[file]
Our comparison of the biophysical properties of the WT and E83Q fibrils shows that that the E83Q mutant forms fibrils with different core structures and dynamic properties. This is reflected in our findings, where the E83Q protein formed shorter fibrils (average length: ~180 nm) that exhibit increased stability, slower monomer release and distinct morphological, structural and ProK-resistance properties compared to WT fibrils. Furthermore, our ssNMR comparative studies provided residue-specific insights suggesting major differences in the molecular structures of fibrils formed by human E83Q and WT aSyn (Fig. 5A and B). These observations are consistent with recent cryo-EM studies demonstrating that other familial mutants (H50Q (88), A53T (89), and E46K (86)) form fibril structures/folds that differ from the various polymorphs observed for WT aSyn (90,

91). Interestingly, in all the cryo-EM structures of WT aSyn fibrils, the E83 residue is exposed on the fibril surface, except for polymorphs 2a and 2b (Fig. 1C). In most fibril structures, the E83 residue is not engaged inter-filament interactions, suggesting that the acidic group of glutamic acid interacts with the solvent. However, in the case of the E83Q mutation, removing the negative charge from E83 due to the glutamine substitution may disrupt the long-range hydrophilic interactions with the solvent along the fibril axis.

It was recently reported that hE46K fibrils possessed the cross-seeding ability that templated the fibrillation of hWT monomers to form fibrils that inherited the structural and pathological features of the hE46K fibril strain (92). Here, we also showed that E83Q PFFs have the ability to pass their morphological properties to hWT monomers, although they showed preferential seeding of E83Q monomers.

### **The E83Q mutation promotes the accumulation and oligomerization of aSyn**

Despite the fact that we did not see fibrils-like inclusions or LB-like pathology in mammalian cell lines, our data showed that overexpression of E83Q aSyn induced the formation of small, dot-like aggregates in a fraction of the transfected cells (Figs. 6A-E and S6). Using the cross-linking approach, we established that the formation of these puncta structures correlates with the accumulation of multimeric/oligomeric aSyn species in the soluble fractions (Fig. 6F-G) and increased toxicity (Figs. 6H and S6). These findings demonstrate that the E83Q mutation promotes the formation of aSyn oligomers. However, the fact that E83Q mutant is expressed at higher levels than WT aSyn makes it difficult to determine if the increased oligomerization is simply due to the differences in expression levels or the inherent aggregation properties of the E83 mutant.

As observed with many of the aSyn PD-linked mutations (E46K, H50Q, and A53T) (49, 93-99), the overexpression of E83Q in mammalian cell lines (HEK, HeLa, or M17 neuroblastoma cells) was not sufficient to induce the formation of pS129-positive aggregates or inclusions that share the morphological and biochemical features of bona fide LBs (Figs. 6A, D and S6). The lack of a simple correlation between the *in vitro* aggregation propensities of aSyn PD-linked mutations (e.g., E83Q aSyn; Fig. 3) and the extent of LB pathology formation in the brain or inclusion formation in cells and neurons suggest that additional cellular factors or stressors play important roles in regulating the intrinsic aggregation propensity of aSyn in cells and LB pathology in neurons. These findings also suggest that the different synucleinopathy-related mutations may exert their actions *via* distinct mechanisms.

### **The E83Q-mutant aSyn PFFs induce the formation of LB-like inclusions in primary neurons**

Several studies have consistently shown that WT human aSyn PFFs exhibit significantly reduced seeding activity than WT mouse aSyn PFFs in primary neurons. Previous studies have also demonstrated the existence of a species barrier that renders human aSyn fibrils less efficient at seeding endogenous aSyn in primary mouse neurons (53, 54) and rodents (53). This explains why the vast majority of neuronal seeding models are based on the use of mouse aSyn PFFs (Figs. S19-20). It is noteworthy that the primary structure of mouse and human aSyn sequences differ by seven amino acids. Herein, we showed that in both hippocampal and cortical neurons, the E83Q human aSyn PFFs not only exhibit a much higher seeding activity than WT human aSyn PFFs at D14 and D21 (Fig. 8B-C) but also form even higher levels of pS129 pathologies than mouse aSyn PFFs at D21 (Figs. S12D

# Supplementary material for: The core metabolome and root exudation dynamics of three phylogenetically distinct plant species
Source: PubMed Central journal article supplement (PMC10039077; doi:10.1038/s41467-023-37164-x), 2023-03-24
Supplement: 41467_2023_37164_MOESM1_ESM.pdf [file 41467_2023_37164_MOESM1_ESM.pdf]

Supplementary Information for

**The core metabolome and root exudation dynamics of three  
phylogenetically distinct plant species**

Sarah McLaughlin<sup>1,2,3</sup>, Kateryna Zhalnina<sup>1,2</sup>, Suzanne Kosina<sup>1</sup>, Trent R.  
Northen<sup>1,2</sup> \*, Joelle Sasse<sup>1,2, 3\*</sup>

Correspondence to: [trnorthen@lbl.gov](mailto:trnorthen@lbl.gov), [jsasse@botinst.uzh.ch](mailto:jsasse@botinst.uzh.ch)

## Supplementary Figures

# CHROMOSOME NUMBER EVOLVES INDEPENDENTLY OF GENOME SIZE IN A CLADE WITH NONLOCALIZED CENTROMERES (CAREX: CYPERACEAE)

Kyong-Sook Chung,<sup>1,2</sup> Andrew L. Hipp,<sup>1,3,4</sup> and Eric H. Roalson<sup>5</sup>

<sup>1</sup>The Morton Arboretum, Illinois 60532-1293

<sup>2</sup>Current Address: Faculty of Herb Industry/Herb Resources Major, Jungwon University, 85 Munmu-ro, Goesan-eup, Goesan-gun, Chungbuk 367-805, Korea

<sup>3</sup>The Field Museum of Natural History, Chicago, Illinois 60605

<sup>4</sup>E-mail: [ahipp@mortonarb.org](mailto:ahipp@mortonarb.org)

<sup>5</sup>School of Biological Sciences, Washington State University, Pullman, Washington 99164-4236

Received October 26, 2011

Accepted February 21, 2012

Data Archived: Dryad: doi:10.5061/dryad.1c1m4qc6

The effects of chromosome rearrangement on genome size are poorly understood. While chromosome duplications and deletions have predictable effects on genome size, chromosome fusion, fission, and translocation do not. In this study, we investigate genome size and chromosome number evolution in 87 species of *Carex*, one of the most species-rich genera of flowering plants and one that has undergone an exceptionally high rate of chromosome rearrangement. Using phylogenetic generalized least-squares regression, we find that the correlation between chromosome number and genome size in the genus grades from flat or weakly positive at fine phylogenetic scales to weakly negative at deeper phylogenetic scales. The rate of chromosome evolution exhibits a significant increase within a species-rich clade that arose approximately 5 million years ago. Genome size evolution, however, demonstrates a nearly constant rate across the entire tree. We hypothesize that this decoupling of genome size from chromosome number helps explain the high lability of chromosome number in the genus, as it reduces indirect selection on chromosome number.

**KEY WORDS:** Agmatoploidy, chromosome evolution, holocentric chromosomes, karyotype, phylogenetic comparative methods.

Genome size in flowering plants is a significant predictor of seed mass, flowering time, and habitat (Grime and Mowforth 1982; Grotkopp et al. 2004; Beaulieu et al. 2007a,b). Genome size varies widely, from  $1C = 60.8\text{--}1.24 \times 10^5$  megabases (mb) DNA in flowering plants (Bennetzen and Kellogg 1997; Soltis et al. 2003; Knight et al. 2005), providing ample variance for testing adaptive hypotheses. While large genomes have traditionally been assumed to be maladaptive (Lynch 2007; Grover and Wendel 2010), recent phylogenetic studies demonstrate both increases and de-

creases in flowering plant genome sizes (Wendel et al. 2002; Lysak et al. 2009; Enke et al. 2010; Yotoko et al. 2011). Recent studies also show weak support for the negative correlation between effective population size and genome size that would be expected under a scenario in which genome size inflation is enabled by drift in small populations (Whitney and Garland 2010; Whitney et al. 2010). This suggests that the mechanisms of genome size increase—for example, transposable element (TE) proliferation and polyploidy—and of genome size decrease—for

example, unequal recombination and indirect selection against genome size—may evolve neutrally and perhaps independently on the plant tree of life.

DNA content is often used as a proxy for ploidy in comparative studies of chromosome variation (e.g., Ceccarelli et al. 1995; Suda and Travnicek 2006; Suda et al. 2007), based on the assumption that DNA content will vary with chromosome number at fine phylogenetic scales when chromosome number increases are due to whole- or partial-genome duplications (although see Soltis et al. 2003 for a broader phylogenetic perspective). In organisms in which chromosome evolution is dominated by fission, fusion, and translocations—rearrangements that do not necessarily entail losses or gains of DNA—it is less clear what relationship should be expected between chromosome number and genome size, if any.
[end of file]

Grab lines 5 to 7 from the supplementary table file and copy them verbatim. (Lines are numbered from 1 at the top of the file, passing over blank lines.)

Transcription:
Despite the fact that we did not see fibrils-like inclusions or LB-like pathology in mammalian cell lines, our data showed that overexpression of E83Q aSyn induced the formation of small, dot-like aggregates in a fraction of the transfected cells (Figs. 6A-E and S6). Using the cross-linking approach, we established that the formation of these puncta structures correlates with the accumulation of multimeric/oligomeric aSyn species in the soluble fractions (Fig. 6F-G) and increased toxicity (Figs. 6H and S6). These findings demonstrate that the E83Q mutation promotes the formation of aSyn oligomers. However, the fact that E83Q mutant is expressed at higher levels than WT aSyn makes it difficult to determine if the increased oligomerization is simply due to the differences in expression levels or the inherent aggregation properties of the E83 mutant.

As observed with many of the aSyn PD-linked mutations (E46K, H50Q, and A53T) (49, 93-99), the overexpression of E83Q in mammalian cell lines (HEK, HeLa, or M17 neuroblastoma cells) was not sufficient to induce the formation of pS129-positive aggregates or inclusions that share the morphological and biochemical features of bona fide LBs (Figs. 6A, D and S6). The lack of a simple correlation between the *in vitro* aggregation propensities of aSyn PD-linked mutations (e.g., E83Q aSyn; Fig. 3) and the extent of LB pathology formation in the brain or inclusion formation in cells and neurons suggest that additional cellular factors or stressors play important roles in regulating the intrinsic aggregation propensity of aSyn in cells and LB pathology in neurons. These findings also suggest that the different synucleinopathy-related mutations may exert their actions *via* distinct mechanisms.

### **The E83Q-mutant aSyn PFFs induce the formation of LB-like inclusions in primary neurons**